Thursday, June 28, 2007

The iPhone and Angelina Jolie

While everyone has been linking to, I have been resisting the temptation to link to Ron Rosenbaum's article in Slate, "The worst celebrity profile ever written?"

I finally found an excuse.

Ron's article is about Esquire's recent "fawning" profile on Angelina Jolie. But it could have well enough been about iPhone's pre-release reviews.

The money quote summary:

"The rules of the game, as established by the glossy magazines and the stars' PR reps, ensure that 'access' [to celebrities / the iPhone] ... and the all-important exclusive cover shot are granted only to those magazines and journalists who will refrain from anything but fawning prose. It works out well for everybody. Celebrity journalists who play along get a good payday, magazines get newsstand sales bumps, and the rest of us are inculcated into the received myths of Celebland, the legends that sustain the illusion that it is somehow truly important."

What does this mean?:

Only celebrity rags that treat celebrities nicely gain access to those celebrities. Look at Jolie's relationship with People vs. US Weekly. People magazine has never uttered a negative peep about Jolie, and was "awarded" (albeit for a hefty price) with exclusive photos of newborn Shiloh Jolie-Pitt. US Weekly, on the other hand, hasn't exactly had the most flattering cover shots of Jolie (I think the current issue shows an alleged 85lb Jolie). Not surprisingly, US Weekly would be lucky to have Jolie even glance their way.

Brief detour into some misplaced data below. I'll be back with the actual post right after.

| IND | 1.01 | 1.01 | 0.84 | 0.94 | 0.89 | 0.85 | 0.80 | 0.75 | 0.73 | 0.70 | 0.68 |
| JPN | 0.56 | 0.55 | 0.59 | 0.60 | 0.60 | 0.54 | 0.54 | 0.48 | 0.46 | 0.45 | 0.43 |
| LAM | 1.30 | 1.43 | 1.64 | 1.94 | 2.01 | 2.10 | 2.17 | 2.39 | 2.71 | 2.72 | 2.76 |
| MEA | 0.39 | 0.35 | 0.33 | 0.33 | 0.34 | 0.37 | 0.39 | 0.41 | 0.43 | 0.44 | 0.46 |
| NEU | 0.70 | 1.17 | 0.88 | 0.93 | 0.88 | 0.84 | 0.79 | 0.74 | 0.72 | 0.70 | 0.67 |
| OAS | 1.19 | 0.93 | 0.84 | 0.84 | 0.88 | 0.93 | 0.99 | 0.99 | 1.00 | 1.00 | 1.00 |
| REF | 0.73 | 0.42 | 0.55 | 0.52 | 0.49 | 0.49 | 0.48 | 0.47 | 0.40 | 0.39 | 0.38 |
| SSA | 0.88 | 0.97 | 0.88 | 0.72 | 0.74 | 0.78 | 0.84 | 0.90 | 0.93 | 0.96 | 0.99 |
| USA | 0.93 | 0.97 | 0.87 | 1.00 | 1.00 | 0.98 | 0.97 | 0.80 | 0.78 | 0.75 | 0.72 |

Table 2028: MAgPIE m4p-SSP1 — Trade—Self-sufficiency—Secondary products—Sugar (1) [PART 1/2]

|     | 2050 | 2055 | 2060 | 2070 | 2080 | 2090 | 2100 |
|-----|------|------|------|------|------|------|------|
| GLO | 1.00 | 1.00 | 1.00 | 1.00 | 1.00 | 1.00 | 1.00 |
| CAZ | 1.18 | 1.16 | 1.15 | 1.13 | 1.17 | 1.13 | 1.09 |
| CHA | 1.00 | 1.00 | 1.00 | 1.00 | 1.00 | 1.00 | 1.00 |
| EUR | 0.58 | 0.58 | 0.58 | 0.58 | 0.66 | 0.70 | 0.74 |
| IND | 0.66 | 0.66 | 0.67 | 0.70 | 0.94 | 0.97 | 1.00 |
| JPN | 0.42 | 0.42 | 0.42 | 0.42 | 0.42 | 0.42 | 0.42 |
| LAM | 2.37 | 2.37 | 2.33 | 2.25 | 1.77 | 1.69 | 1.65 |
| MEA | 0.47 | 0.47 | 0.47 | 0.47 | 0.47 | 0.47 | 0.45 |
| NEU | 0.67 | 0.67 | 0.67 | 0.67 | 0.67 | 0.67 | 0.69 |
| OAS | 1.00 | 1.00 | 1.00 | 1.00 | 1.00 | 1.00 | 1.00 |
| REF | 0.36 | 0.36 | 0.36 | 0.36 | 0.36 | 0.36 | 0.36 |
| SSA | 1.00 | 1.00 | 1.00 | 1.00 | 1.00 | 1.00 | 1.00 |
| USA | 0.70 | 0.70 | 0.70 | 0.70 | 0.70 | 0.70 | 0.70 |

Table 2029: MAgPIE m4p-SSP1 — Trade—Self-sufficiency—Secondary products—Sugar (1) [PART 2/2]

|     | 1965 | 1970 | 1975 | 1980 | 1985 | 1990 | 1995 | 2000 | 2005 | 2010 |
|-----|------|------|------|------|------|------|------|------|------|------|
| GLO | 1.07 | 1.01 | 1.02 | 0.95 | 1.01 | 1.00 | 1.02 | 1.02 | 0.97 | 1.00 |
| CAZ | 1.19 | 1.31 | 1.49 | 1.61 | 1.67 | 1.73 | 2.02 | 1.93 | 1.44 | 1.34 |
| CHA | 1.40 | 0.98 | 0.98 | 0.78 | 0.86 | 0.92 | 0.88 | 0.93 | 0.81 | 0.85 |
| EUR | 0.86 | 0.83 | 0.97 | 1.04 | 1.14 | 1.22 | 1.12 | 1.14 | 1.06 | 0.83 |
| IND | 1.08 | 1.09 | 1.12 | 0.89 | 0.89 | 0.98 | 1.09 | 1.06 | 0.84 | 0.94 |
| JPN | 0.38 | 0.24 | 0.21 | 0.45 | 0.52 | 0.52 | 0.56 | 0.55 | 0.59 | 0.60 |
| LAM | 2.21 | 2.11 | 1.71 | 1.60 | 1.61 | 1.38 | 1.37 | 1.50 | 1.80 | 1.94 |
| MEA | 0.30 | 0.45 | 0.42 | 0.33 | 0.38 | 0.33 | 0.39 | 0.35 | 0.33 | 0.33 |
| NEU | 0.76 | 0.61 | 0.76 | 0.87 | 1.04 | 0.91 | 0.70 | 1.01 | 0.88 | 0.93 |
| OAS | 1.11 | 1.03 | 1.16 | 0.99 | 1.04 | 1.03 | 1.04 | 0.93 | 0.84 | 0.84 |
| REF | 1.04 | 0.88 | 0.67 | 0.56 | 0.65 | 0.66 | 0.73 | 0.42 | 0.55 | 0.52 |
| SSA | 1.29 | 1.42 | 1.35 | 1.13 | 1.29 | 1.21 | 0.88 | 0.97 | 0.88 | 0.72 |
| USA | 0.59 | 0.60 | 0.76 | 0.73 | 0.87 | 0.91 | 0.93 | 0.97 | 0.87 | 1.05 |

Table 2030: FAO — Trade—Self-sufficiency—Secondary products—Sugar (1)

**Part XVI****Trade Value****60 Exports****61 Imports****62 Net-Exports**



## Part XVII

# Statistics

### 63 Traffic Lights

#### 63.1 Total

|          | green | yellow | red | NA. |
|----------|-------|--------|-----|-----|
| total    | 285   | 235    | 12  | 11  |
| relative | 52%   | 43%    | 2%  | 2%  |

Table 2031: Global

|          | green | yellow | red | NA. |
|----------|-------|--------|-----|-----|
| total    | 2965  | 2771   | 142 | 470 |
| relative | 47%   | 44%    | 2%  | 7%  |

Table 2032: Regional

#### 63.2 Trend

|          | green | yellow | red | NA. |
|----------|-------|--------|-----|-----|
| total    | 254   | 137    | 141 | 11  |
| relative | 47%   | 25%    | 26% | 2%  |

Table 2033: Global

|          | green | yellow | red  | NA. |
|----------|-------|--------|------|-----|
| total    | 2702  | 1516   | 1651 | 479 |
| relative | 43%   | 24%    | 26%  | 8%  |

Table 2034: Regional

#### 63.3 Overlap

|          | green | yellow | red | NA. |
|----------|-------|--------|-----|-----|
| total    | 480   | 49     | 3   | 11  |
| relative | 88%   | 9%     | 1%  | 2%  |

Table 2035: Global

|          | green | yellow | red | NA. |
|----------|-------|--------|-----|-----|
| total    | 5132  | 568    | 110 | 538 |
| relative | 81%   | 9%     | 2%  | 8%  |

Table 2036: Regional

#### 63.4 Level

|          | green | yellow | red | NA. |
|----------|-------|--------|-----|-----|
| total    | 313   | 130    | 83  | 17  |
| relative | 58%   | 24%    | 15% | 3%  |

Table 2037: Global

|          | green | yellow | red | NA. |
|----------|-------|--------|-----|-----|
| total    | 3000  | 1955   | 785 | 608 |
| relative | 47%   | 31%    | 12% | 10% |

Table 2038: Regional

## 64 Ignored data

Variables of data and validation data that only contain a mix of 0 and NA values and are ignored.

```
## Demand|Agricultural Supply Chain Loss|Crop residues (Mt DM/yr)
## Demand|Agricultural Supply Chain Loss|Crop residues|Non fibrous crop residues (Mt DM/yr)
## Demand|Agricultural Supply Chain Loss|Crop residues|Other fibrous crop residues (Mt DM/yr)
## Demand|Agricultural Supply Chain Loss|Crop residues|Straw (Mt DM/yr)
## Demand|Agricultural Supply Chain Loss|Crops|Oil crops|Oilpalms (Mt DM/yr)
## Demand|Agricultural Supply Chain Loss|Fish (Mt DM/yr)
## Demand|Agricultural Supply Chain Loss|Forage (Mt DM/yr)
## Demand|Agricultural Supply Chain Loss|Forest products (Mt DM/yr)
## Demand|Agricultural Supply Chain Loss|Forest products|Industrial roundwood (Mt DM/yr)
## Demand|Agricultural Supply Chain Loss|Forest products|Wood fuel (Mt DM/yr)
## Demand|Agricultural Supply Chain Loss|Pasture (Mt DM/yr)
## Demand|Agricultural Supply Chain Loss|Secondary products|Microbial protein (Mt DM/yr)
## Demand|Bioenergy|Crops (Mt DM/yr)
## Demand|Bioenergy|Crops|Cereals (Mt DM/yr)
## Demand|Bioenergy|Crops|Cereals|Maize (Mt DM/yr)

But playing to celebrities' favor for exclusive interviews / pictures translates into access and therefore articles/photos and therefore higher magazine sales. And so the cycle perpetuates.

Now, if there ever was an electronic celebrity that reporters would fight to have early access to, it is the iPhone. And much like Angelina Jolie has her "favored" magazines / reporters, it doesn't take a huge leap to realize that a select group of tech columnists were "awarded" with an early look at the iPhone (likely hand-picked by Steve Jobs himself). And they don't want to loose that privilege the next time a new Apple gadget comes along.

(Addendum: Let's just say I read the iPhone reviews with a few servings of salt.)

Tuesday, June 26, 2007

Pet Peeve #23423: Stupid web forms

Will there ever be a world in which we can enter just our zip code into a web form, and it automatically registers what City, State and Country we are from?

With all this web 2.0 jazz, have we lost track of what is really important? ;)

The only company I've ever seen do this was Haystack. From the second I entered my zip code into their registration web form, I knew it was a company after my heart.

Monday, June 18, 2007

Pfizer's P2P Debacle

Pfizer is the latest corporation to fall victim to an embarassing case of data loss.

As it turns out, ComputerWorld reports, the Social Security numbers of 17,000 current and former employees of Pfizer were exposed. But what is so interesting is that the exposure happened not because of a misplaced laptop, CD or errant email, but instead, because of P2P file-sharing program installed on an employee's home laptop. The money quote: "Of that group, about 15,700 individuals actually had their data accessed and copied by an unknown number of persons on a peer-to-peer network." Amazing.

Honestly, I'm surprised this hasn't happened before (maybe it has?). P2P programs are greedy when it comes to what files you have on your computer that get shared with the network. The philosophy for these programs is: the more the better. I remember not too long ago installing a P2P program and realizing that a lot of my school papers were accessible to everyone. I quickly changed the directories that the P2P program was allowed to scan and share, but I easily could have missed this. It sounds like the employee at Pfizer did. I bet Pfizer (and many other corporations) is scrambling to figure out how to stop this from happening again.